Bates College is the No. 1 producer of Fulbright Student awards among U.S. liberal arts colleges in 2020, The Chronicle of Higher Education announced today.
With 24 young alumni engaged in Fulbright-sponsored teaching and research experiences worldwide, Bates tops all U.S. bachelors’ colleges — including the most selective liberal arts institutions — for the second time in three years.
The college’s two dozen Fulbright Student awards in 2020 are the most ever by a U.S. liberal arts college.
“This extraordinary accomplishment is the result of a genuine team effort — beginning with the talent and creativity of our student candidates, the generosity and diligence of their faculty mentors, the leadership of our program director, and the efforts of many other members of our community,” said Bates President Clayton Spencer.
“Fulbright recognizes that our students are deeply curious, concerned about the defining issues of our time, and already emerging as ethical and effective leaders committed to living lives of meaning and contribution.”
Sponsored by the U.S. Department of State, the Fulbright is the U.S. government’s flagship international educational exchange program. The highly competitive program sends Americans to dozens of countries to teach, study, or conduct research, promoting cultural exchange and international understanding, and finding solutions to shared concerns.
Recognized as a Fulbright Top Producer for nine straight years, Bates has seen a sharp rise in the number of Fulbright Student grants awarded, from six in 2013 to the record-setting 24 this year.
18 countries are represented by Bates’ 24 Fulbright Student award recipients in 2020.
For 2020, five of Bates’ 24 Fulbright awardees received research grants and the balance received English teaching assistant awards. Of the awardees, 19 are 2019 graduates and five are young alumni of the last several years.
Central to Bates’ Fulbright success — and a distinctive element of the overall Bates experience — are wide-ranging opportunities for highly talented students to develop one-on-one mentoring relationships with faculty and staff, said Robert Strong, lecturer in English and the college’s director of national fellowships.
“Bates students are talented, curious, and eager to understand the world and their place in it, which makes them strong Fulbright candidates already, as well as set up for success in any endeavor,” Strong said.
“It’s amazing what Bates faculty and staff will then do to help them grow intellectually and personally, and to help them identify their interests and goals.”
Such mentorship can take the form of small classes, experience in cutting-edge research, collaboration in extracurricular activities, and senior thesis advising.
In turn, the power of mentoring is built into the Bates fellowship application process. As students prepare their applications, each Fulbright hopeful participates in an intensive interview with a faculty and staff committee. Feedback from these sessions helps students refine and better articulate their goals.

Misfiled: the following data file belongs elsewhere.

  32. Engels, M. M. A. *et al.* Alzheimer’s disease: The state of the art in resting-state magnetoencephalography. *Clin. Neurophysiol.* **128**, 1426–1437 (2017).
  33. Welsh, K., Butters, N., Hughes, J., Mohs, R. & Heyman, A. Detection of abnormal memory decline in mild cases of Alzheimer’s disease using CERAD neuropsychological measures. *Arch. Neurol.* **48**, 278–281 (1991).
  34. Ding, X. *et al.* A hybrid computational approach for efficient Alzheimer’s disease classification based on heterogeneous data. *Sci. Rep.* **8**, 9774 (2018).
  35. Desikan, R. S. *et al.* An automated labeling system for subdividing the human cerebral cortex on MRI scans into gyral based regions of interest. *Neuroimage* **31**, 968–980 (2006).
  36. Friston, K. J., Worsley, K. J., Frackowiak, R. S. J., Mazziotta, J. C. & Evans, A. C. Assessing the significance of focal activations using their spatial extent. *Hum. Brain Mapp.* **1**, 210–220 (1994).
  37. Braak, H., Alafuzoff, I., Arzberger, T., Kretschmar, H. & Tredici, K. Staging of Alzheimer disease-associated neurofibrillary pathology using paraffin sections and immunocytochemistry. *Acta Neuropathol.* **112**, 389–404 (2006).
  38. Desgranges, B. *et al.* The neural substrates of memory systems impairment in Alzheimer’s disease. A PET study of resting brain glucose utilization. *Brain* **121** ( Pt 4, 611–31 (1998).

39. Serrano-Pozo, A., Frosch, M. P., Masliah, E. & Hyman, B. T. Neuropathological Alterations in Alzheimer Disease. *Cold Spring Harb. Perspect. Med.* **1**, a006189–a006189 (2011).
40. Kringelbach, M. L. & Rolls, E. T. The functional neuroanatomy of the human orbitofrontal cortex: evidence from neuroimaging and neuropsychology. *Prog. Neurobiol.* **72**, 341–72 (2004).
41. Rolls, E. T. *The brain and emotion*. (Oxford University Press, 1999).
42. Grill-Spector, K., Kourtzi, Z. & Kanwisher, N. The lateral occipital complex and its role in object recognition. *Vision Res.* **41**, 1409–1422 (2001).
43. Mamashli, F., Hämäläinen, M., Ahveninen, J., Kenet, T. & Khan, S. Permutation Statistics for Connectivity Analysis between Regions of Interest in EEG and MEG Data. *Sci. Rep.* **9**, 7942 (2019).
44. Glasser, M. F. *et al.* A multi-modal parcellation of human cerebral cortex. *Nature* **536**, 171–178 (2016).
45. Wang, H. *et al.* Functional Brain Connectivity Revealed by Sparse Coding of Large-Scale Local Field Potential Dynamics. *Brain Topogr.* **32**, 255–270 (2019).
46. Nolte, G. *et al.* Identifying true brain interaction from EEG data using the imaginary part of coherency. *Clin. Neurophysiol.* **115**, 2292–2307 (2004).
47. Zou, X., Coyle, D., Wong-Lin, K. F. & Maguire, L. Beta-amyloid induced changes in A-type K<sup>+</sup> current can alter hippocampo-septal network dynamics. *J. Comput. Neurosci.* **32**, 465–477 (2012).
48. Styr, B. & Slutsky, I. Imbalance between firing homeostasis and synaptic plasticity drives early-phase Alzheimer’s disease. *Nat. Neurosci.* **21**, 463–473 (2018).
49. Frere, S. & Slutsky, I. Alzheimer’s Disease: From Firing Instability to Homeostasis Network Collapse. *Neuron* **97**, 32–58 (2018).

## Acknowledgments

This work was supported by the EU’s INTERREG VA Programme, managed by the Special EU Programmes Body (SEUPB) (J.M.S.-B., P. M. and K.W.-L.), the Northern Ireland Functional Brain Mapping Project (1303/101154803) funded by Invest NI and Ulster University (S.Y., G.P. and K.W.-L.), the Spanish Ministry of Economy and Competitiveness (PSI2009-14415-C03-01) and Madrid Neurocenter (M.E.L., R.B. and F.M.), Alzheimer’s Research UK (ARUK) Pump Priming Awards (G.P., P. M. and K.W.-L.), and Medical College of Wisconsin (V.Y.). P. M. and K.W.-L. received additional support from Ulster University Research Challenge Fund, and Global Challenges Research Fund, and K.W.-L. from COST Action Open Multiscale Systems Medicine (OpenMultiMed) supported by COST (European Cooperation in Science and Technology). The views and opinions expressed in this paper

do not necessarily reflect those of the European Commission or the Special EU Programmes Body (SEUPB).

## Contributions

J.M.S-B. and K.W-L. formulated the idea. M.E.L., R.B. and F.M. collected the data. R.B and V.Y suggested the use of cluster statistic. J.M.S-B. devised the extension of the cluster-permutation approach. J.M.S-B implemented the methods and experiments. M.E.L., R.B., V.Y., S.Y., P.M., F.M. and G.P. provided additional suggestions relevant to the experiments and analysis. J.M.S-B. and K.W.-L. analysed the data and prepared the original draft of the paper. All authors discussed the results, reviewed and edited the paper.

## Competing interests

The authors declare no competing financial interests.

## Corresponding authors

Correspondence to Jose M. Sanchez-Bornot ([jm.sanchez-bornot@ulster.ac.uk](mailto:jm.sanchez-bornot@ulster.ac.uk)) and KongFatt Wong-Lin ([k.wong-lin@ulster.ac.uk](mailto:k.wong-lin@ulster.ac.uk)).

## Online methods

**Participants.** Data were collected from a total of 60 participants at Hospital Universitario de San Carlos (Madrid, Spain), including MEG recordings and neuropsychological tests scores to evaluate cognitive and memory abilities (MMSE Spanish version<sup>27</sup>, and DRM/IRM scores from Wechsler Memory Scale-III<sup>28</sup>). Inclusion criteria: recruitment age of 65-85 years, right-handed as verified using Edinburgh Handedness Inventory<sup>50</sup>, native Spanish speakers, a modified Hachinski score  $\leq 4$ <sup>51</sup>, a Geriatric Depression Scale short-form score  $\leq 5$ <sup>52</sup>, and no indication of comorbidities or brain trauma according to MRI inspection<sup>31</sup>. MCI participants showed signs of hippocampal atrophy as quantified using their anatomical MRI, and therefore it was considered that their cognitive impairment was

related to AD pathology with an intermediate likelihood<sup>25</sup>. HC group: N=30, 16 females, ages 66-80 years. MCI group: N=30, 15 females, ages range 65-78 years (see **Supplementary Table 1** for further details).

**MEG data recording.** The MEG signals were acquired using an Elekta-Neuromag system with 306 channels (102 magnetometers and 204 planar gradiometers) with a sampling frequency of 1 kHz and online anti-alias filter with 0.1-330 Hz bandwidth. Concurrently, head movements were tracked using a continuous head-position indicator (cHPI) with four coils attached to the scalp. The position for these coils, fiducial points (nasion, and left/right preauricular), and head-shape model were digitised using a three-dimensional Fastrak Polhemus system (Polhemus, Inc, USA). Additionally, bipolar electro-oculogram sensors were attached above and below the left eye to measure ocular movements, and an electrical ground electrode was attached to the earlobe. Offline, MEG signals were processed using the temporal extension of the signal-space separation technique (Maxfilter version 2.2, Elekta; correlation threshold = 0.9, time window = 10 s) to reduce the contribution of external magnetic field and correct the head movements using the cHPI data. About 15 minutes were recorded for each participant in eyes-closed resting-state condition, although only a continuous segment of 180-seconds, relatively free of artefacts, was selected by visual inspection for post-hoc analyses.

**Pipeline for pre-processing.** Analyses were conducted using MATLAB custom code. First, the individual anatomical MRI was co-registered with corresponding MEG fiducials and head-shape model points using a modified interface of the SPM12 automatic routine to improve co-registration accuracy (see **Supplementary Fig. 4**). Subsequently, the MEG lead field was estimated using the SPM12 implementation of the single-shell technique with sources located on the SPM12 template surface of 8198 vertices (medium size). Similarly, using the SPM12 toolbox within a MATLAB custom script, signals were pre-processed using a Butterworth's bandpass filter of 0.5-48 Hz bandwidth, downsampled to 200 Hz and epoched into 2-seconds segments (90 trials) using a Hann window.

For the past several years, Strong said, these committees have included a faculty or staff mentor who knows the individual applicant well. Their presence helps both committee and student add valuable depth to fellowship applications.
“Often the application mentor can ask a question that draws out something about the applicant, about their background or scholarly interest, that we had no idea about,” Strong said. “It’s very helpful.”
Mentorship infuses other Bates experiences that help to create strong Fulbright applications, from the centrality of senior thesis projects to the availability of education and community-engaged courses in Lewiston, which is home to a large community of immigrants from African nations — all of which prepare Fulbright recipients to have important intercultural exchanges around the world.
Also supporting the college’s Fulbright success is the college’s robust off-campus study program. More than half of Bates students study abroad, often on programs that center around their budding research interests.
“Students come back totally on fire with their new academic interest and they find me, saying, ‘I just did this and I want to keep doing it,’” Strong said.
The combination of resources, opportunities, and individualized application support leads each year to tremendous Fulbright success — but even if the application is not successful, Strong said, applying for the fellowship benefits the applicants.
“It’s an intensive process of thinking about your goals,” he said. “What do you want to do? How do you best approach it? Who’s your audience for this application, and how do you address them? They’re prepared to do it again in job interviews and in future fellowship applications.”
Strong points to Jenna Armstrong ’15, a newly minted Gates Cambridge Scholar, and recent Marshall scholar Chris Crum ’15 as alumni who were unsuccessful Fulbright applicants yet went on to earn highly prestigious and competitive fellowships.
“Very often, once you put your goals down on paper, they cohere in your mind in a way that helps you think about them more thoroughly.”